Joseph Felsenstein is Professor in the Departments of Genome Sciences and Biology and Adjunct Professor in the Departments of Computer Science and Statistics at the University of Washington in Seattle. He is best known for his work on phylogenetic inference, and is the author of Inferring Phylogenies, and principal author and distributor of the package of phylogenetic inference programs called PHYLIP, and is currently serving as the President of the Society for Molecular Biology & Evolution.

You can reach Joe at

James McInerney is the principle investigator of the Bioinformatics and Molecular Evolution Laboratories at NUI Maynooth. He was one of the founding directors of the Irish Centre for High End Computing, an Associate Editor of Molecular Biology and Evolution, Biology Direct, and Journal of Experimental Zoology, and is currently serving as the Secretary for the Society for Molecular Biology and Evolution.

You can reach James at

Juliette de Meaux is interested in the molecular basis of Darwinian adaptation in natural plant systems. Her works combines the approaches of population, quantitative and molecular genetics to dissect the underpinning of adaptive changes. She completed her PhD at AgroParisTech, under the supervision of Prof. Claire Neema and studied the molecular basis of host-pathogen coevolution in natural populations of common bean. She then spent her Postdoc time in the lab of Prof. Tom Mitchell-Olds at the Max Planck Institute of Chemical Ecology in Jena and worked on the evolution of cis-regulatory DNA. Since 2005, she runs her own lab, first at the Max Planck Institute of Plant Breeding in Cologne and then at the University of Münster. In January 2015, she relocated her lab at the University of Cologne. She is currently serving as the Treasurer for the Society for Molecular Biology and Evolution.

You can reach Juliette at

Featured News and Updates

SMBE Childcare Travel Awards

Sometimes the only way to be fair is to treat different people differently. We all know how important it is to attend international meetings to help advance your scientific career, but for some people this attendance has extra challenges and costs. One clear example of this is the practical and financial burden of managing small children while you attend a meeting. 

Whereas research grants and travel awards, such as the SMBE travel awards, cover the direct expenses of the person attending the meeting, it is not typical for these to also cover expenses for accompanying children. For a few years now SMBE has provided subsidised childcare at our annual meeting, but this doesn't solve the problem for everyone: perhaps even the subsidised cost is unaffordable (after all, it’s already expensive enough to pay for childcare at home), or perhaps you don't really feel like dragging your two-year-old on a long-distance flight. 

Recognising all this, we at SMBE have decided to launch a new childcare travel award  for people attending our annual meeting. We have set aside up to US$50,000 for awards of up to US$1000 each. This is open to anyone who has a child aged five years or under (even if you are the recipient of another travel award) and you may spend it as you wish to make your childcare arrangements.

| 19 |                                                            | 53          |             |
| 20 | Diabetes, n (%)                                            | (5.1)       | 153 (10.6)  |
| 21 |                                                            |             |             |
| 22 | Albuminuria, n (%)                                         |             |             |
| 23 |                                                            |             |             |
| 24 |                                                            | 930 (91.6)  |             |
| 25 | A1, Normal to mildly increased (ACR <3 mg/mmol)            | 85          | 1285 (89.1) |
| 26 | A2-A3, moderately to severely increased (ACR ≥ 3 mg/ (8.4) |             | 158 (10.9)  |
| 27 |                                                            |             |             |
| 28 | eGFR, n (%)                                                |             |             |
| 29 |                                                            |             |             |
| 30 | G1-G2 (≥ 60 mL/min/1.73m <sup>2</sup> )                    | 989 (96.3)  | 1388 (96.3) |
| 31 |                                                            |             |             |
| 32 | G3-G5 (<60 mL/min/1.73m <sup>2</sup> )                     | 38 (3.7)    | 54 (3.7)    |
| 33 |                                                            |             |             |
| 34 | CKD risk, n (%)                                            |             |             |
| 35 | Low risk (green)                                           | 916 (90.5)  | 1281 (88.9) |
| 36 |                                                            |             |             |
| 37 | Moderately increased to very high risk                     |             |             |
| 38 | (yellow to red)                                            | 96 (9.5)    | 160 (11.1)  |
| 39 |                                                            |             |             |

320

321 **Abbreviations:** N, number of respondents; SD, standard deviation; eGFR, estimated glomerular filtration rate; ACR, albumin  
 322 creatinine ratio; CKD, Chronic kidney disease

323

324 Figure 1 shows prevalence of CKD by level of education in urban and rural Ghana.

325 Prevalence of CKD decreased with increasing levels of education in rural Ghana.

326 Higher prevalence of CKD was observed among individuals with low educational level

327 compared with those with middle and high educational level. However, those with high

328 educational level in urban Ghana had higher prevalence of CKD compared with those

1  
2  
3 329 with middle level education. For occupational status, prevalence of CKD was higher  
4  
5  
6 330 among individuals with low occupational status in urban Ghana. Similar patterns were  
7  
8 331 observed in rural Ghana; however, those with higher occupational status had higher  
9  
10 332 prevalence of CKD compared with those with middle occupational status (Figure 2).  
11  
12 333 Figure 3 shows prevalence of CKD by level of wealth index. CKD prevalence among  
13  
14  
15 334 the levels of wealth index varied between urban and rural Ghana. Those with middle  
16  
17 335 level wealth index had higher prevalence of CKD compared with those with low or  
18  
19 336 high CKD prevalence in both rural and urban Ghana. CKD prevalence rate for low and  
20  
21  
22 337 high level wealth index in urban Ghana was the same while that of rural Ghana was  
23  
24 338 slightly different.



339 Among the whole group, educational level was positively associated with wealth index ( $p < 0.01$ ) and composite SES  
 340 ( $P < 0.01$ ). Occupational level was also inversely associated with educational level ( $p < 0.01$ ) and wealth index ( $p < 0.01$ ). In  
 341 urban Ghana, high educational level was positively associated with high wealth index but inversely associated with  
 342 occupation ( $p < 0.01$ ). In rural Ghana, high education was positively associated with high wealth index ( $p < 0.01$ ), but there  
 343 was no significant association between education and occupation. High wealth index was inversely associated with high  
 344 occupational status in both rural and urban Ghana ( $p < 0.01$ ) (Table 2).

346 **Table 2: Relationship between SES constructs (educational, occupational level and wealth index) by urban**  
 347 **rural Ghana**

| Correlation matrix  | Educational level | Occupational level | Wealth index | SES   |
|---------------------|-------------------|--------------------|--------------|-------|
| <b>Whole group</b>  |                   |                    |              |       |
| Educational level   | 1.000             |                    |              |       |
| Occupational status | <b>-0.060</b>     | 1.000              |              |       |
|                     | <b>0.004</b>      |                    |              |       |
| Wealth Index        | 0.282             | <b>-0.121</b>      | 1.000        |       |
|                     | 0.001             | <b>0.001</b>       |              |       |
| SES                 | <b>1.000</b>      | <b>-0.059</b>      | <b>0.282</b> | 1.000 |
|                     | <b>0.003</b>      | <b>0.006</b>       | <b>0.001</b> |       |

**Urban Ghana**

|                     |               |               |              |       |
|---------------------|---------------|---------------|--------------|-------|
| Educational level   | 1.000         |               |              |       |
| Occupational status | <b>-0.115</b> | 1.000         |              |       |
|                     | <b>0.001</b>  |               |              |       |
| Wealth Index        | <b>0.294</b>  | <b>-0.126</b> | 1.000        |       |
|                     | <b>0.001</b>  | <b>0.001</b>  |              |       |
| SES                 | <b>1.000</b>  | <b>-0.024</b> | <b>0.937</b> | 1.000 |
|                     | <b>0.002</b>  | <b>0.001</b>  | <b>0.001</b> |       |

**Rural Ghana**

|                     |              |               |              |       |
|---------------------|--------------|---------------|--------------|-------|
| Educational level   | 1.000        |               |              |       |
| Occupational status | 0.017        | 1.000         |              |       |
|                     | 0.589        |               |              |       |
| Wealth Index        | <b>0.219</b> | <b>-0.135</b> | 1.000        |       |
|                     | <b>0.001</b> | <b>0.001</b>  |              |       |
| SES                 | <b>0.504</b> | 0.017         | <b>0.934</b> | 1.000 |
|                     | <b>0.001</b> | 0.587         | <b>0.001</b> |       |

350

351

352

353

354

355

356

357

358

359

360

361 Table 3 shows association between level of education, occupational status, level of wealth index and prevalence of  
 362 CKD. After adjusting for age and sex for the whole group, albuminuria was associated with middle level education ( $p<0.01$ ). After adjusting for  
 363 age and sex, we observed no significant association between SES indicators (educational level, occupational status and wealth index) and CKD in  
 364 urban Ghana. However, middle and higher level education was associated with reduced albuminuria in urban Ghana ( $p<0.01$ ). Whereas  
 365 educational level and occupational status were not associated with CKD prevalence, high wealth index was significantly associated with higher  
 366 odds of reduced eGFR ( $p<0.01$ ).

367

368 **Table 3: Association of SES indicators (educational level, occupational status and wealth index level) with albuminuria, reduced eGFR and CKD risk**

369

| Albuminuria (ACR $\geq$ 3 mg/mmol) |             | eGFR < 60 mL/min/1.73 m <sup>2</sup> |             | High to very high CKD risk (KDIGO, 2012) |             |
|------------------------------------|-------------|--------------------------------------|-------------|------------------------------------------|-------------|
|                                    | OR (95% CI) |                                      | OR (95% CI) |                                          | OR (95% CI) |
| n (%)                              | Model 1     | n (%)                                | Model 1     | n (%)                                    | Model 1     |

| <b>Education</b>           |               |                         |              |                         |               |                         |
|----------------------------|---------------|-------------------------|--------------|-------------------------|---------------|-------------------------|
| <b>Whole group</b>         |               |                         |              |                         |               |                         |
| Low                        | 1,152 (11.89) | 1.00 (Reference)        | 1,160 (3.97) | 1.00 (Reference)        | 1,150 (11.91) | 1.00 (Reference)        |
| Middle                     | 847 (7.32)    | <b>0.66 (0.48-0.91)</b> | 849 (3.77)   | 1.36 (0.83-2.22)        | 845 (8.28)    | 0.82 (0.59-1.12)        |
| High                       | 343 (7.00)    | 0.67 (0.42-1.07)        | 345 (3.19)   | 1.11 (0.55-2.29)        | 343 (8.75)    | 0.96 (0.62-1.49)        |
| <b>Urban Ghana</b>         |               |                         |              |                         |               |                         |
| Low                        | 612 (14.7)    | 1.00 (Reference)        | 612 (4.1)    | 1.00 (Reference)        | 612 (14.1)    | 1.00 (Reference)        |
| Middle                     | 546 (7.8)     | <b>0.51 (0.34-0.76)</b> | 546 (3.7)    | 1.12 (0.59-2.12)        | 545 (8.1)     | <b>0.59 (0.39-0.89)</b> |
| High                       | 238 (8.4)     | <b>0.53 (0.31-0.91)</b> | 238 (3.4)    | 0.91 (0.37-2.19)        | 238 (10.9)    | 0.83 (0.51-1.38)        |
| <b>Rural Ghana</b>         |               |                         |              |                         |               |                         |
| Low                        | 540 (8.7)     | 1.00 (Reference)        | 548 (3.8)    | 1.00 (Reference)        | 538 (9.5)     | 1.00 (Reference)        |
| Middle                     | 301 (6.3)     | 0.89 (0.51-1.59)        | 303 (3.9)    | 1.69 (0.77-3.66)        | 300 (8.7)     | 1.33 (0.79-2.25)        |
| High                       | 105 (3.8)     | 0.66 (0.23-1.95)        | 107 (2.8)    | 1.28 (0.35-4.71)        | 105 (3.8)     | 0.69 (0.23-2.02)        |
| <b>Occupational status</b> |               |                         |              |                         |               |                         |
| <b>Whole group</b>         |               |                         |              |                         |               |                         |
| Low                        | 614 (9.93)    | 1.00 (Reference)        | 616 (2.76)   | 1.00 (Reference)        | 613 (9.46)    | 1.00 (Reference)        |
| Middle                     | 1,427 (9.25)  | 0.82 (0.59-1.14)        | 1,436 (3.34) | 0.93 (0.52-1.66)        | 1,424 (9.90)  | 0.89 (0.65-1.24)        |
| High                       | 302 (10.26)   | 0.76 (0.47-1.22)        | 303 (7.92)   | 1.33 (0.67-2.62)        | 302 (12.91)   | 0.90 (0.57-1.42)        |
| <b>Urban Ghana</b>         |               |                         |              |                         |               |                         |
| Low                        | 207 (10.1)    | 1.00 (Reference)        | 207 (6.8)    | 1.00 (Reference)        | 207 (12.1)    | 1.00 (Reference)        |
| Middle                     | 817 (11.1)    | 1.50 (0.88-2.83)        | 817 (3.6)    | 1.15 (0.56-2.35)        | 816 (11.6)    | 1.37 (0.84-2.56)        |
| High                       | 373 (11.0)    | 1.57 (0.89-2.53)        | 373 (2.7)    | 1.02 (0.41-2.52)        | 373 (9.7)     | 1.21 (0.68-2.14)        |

Yes. You may spend it as you wish. 

We felt that we would not really be helping people if we said that the funds were only eligible to defray travel costs of an infant if in fact your preferred solution was to fly a relative in to town to watch over the children while you go to Vienna (or the Gold Coast meeting in 2016). Or maybe you’ve got a trusted childminder who could live-in for a few days while you are away. In fact, we're pretty sure that there are a hundred and one different solutions to the childcare issue, and the parents know best what will suit their family. 

We have made the application process as simple and unbureaucratic as possible because we want you to apply for this. More information may be found on the SMBE Childcare Award webpage.

Award applications are due by April 1, 2016.

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The Society for Molecular Biology and Evolution is an international organization whose goals are to provide facilities for association and communication among molecular evolutionists and to further the goals of molecular evolution, as well as its practitioners and teachers. In order to accomplish these goals, the Society publishes two peer-reviewed journals, Molecular Biology and Evolution and Genome Biology and Evolution. The Society sponsors an annual meeting, as well as smaller satellite meetings or workshop on important, focused, and timely topics. It also confers honors and awards to students and researchers.

SMBE 2019

We are delighted to announce that the SMBE 2019 Meeting will be taking place in Manchester, United Kingdom. The Meeting will be held at the state of the art Manchester Central venue.

The programme will provide plenty of opportunities for you to submit your work for consideration as a symposium, oral or poster presentation.

Full details on registration fees, accommodation and exhibition opportunities will be made available in due course. Please do make a note of the key dates included below.

More information can be found HERE


SMBE is a member of the Scientific Society Publisher Alliance

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MBE | Most Read

Molecular Biology and Evolution

Skin Game: Study Peels Back Details on Mammalian Keratin Genes and Adaptation to Living on Land or in Water

Thu, 31 Jan 2019 00:00:00 GMT

Whether by land or by sea, mammals live in a diverse variety of protective skins adapted against the elements, from swimming in the deepest azure oceans to climbing precipitous mountain peaks.

Scorpion Toxins: Positive Selection at a Distal Site Modulates Functional Evolution at a Bioactive Site

Tue, 18 Dec 2018 00:00:00 GMT